Deceptively far north on the Upper West Side, the space can at best be described as quirky and at worst as “how did you ever think of designing a restaurant like this.” There appear to be three ‘rooms,’ all set at angles to each other. The dominant area is the bar room, just in front of the door. It’s inevitably going to be packed with cougars talking to greying bankers talking to their colleagues. The best way to describe the decor is ‘up-scale’ Olive Garden with burgundy leather and obviously expensive yet hideously ugly contemporary ceiling lamps, glowing strangely blue in an otherwise refined old school environment. My first thought was how bizarrely UFO-like they were. There are people everywhere: 2 hosts, 1093523958 busboys and waiters, couples packed into small corner tables, groups of 40 year olds at long tables adjacent to the bar. It’s confused and confusing. If you’re lucky enough to be sat on the opposite side of the restaurant from the bar, there’s a bit of respite from the chaotic hum yet no escape from the cheap-looking wood-paneling and flimsy furniture.

Perhaps design faux-pas would have been forgiven if the food were as tasty as expected. Alas, no. Accademia di Vino-Broadway’s menu of Italian pizzas, pastas, and small plates is tantalizing from all angles. Classic antipasti offers charred brussels sprouts, fresh ricotta and honey, eggplant caponata, and so forth; a plethora of cheeses and meats, small plates, fresh fish crudo, and both seafood and meat carpaccios and tartares are like a siren song for lovers of Italian cuisine; individual grilled pizzas range from the classic tomato, basil and mozzarella to the house specialty of robiola, pecorino and black truffle; pastas abound, from traditional bolognese, cacio e pepe, and spaghetti carbonara to butternut squash ravioli and whole wheat pasta with eggplant, mozzarella and basil. The sheer array of both old school and new age Italian offerings dazzle and overwhelm, building excitement and high expectations.

Unfortunately, everything just seems to fall flat. The fresh ricotta antipasti was good, though sadly under-salted and not nearly as tasty as that at Locanda Verde, A Voce Columbus, or Peasant. The house speciality, robiola, black truffle & pecorino pizza, was bland; completely over-doused in cloying truffle oil, what should have been sharp and nutty Pecorino wilted and the fluffy Robiola cheese merely faded to the background. Aside from the virtually tasteless toppings, the pizza was little more than a flatbread, completely lacking in any texture or char. The pastas are a major improvement over the rest of the menu, particularly the basics, however they are by no means works of art. Instead, they’re more just like the quick dishes your mother would whip up, tasty and simple. Don’t expect any unusual ingredients, original cooking techniques or inspired presentations here!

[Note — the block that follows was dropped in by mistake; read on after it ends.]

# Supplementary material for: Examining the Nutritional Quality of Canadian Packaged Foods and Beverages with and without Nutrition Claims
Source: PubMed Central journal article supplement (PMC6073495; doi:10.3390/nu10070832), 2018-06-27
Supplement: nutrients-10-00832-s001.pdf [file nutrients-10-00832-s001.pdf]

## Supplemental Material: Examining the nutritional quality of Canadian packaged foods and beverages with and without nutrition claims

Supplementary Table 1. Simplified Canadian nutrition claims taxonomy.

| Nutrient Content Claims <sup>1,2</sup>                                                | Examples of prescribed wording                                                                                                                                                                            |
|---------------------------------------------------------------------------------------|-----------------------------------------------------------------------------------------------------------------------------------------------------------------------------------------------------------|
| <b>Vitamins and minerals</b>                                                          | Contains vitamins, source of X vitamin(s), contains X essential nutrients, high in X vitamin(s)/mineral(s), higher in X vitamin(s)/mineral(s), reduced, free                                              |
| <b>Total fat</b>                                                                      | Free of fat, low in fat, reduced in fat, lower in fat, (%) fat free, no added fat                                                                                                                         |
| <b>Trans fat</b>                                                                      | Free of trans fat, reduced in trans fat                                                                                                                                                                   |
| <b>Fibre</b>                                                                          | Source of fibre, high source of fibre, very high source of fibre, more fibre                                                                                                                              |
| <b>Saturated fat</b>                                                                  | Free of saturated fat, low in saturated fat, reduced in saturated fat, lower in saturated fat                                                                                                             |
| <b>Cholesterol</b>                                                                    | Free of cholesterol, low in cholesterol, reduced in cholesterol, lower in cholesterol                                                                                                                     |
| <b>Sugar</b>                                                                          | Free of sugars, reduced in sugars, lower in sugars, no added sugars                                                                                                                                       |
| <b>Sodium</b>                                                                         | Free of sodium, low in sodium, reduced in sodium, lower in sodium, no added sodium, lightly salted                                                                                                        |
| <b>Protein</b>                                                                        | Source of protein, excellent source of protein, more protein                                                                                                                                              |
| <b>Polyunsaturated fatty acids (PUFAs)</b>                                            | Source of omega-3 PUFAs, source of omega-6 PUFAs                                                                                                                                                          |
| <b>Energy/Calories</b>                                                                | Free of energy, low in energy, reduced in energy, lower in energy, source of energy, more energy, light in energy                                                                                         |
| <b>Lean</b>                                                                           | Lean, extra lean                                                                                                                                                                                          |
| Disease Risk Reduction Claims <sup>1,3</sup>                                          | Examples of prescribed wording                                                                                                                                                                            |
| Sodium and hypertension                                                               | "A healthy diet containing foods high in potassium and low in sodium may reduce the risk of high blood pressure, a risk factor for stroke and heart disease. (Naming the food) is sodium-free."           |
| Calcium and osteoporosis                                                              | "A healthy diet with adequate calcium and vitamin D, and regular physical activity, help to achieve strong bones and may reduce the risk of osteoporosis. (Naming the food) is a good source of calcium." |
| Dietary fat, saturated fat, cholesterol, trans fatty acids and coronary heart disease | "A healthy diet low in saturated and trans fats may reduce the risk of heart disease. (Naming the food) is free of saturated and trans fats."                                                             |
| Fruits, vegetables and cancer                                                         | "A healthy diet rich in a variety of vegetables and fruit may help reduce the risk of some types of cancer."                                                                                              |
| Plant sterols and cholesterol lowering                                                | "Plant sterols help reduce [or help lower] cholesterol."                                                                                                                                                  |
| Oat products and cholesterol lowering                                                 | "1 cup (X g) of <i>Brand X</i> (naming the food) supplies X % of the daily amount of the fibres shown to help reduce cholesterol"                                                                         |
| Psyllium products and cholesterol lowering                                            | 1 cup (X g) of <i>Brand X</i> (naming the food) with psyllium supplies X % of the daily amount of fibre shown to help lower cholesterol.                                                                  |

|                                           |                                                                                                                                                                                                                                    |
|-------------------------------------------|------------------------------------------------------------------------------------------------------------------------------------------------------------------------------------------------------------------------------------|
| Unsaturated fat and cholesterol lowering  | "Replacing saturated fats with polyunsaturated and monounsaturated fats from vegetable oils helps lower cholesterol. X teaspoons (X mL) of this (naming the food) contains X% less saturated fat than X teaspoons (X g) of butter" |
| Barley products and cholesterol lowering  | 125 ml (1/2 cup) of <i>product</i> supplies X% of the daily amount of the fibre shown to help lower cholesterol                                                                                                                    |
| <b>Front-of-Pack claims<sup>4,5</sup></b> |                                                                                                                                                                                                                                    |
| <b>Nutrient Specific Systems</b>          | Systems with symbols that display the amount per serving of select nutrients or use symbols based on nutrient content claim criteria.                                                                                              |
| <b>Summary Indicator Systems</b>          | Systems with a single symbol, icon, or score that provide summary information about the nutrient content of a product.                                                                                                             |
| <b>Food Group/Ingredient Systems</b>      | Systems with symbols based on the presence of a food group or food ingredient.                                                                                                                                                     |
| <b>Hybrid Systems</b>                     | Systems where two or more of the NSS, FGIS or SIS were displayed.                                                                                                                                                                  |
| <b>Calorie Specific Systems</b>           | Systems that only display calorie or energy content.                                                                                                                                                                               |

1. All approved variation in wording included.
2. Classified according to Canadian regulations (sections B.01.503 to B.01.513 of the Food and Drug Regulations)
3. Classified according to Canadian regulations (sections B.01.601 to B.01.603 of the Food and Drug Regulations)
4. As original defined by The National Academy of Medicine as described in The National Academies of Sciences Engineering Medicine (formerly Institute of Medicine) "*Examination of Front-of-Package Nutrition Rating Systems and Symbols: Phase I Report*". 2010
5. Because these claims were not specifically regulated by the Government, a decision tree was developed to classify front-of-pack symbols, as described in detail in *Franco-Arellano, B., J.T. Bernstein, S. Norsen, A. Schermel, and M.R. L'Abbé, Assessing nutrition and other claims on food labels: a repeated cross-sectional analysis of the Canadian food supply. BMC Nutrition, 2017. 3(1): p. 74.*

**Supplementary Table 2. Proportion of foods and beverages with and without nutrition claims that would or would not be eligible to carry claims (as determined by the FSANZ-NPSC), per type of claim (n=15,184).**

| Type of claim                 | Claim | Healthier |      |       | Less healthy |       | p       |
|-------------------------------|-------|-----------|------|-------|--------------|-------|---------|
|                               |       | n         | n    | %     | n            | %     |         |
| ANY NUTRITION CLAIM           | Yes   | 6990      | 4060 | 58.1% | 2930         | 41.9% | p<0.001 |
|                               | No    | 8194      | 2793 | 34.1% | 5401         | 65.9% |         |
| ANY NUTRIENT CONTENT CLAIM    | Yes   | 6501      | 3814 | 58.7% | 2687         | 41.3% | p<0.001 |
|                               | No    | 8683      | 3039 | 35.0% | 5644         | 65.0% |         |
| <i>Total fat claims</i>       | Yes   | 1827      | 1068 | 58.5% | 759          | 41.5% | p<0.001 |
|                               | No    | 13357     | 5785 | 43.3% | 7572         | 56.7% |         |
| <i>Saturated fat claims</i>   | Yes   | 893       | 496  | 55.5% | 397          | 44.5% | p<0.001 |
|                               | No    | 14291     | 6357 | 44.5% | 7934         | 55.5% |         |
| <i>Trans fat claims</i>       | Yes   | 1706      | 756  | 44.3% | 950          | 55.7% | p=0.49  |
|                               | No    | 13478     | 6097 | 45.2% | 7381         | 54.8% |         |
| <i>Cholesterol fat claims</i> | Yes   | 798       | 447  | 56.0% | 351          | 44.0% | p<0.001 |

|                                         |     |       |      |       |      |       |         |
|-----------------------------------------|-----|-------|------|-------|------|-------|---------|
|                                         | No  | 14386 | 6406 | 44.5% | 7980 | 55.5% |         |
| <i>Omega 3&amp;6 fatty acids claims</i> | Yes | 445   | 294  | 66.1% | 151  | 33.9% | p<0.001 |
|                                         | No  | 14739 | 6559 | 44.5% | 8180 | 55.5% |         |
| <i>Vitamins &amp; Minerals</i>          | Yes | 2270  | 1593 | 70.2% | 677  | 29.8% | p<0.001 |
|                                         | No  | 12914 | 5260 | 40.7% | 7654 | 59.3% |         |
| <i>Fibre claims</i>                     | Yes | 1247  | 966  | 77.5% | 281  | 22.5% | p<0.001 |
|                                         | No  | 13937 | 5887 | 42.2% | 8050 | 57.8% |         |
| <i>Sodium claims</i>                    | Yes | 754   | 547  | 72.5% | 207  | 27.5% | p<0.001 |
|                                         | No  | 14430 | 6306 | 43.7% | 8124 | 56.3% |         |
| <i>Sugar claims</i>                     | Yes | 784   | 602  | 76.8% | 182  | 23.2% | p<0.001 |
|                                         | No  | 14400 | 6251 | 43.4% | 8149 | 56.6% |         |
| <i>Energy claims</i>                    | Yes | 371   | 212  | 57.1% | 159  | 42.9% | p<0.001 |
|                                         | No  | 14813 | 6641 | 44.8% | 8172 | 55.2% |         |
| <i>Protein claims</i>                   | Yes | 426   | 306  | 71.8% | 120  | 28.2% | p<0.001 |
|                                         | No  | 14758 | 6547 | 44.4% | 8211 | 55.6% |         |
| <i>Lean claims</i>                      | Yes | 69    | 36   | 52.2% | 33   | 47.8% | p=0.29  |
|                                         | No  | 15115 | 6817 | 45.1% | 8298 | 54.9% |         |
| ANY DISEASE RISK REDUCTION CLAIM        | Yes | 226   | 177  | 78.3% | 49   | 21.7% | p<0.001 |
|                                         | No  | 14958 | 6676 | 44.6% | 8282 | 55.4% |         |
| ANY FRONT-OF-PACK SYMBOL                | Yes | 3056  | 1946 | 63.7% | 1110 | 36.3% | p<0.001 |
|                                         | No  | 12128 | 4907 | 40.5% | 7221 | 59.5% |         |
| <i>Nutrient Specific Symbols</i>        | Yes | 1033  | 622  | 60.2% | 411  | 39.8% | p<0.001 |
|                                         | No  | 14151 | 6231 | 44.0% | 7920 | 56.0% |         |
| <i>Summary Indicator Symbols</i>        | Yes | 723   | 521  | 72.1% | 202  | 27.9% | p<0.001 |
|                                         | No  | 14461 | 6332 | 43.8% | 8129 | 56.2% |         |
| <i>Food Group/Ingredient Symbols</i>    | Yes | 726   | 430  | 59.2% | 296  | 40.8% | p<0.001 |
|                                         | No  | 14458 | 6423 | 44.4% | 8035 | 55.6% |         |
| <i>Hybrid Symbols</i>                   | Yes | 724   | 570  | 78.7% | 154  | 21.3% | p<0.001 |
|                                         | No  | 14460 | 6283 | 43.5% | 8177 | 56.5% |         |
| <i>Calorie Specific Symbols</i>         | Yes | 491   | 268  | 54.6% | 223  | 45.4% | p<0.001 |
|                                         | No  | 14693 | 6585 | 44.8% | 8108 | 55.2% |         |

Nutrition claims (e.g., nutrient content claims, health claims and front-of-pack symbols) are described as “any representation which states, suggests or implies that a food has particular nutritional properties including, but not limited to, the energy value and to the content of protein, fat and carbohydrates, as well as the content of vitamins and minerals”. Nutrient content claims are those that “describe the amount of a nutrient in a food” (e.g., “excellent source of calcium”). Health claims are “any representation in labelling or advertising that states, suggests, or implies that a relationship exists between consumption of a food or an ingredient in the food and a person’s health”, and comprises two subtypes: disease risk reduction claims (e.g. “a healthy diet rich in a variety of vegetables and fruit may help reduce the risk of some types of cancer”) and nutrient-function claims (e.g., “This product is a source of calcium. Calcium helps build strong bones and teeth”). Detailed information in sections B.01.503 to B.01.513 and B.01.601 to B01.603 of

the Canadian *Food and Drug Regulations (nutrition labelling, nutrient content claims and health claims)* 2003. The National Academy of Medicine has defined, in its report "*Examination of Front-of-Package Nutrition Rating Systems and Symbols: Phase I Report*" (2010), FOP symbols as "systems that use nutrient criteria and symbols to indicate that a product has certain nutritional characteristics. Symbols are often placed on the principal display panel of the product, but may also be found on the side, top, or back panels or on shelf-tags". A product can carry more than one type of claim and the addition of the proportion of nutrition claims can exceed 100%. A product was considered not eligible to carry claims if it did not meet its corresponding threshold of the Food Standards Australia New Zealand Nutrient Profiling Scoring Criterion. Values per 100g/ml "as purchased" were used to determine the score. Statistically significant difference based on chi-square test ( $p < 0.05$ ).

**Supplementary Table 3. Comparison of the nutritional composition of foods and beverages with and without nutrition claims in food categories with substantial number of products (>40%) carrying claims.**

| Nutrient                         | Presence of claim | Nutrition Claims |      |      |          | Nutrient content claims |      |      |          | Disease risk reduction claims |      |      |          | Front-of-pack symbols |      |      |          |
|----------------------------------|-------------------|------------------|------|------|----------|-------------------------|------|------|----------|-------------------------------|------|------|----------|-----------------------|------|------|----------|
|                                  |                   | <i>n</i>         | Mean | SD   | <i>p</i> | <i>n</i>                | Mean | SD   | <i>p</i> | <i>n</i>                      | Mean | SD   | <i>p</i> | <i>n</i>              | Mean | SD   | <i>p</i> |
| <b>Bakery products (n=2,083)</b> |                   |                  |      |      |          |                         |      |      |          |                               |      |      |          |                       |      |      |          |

With such an extraordinary selection of mid-price Italian restaurants in Manhattan, many of which are excellent (Peasant, Locanda Verde, Barbuto, Giorgione, Il Buco, Lavagna, Maialino, novita, and Sorella, to name a few), I can’t imagine why one would choose Accademia di Vino-Broadway. Granted, tasty eats in the neighborhood are disappointingly few and far between, but with such things as the New York City Subway and too many taxi cabs to count, not traveling for good Italian just doesn’t cut it.

Accademia di Vino on Urbanspoon

Kefi: Gussied-up Greek Food for a Gussied-up Crowd

When it comes to Greek restaurants in which you can sit down, enjoy a glass of wine, and have a classy meal, the options in New York are surprisingly slim. A few options come to mind, including Snack Taverna, Pylos, Estiatorio Milos, and Kefi, the latter of which is reviewed here. Advertised as serving ‘rustic Greek’ cuisine, Kefi is a product of a partnership between celebrity chefs Donatella Arpaia and Michael Psilakis. It is meant to emulate a Greek taverna and to evoke the laidback je ne sais quoi of the Greek lifestyle.

The 200-seat restaurant just north of the Museum of Natural History offers a clean and prissy spin on a seaside Greek taverna. The cool blue and bright white color palette is immediately evocative of the Greek islands. Smooth stone floors, white stucco walls, neat arrangements of blue-and-white dinner plates, and textured beams work to give the illusion of rusticity, while a massive complicated wave mosaic reminds diners that they’re still in one of the more expensive zip codes in Manhattan. Periwinkle blue faux window shutters seem to ask patrons to imagine that if they were to be cracked open slightly the soft warm breeze of the Adriatic would waft through instead of the trash odors from the neighboring alleyway. The whole look is convincingly enough Mediterranean to be cool, calm and relaxed.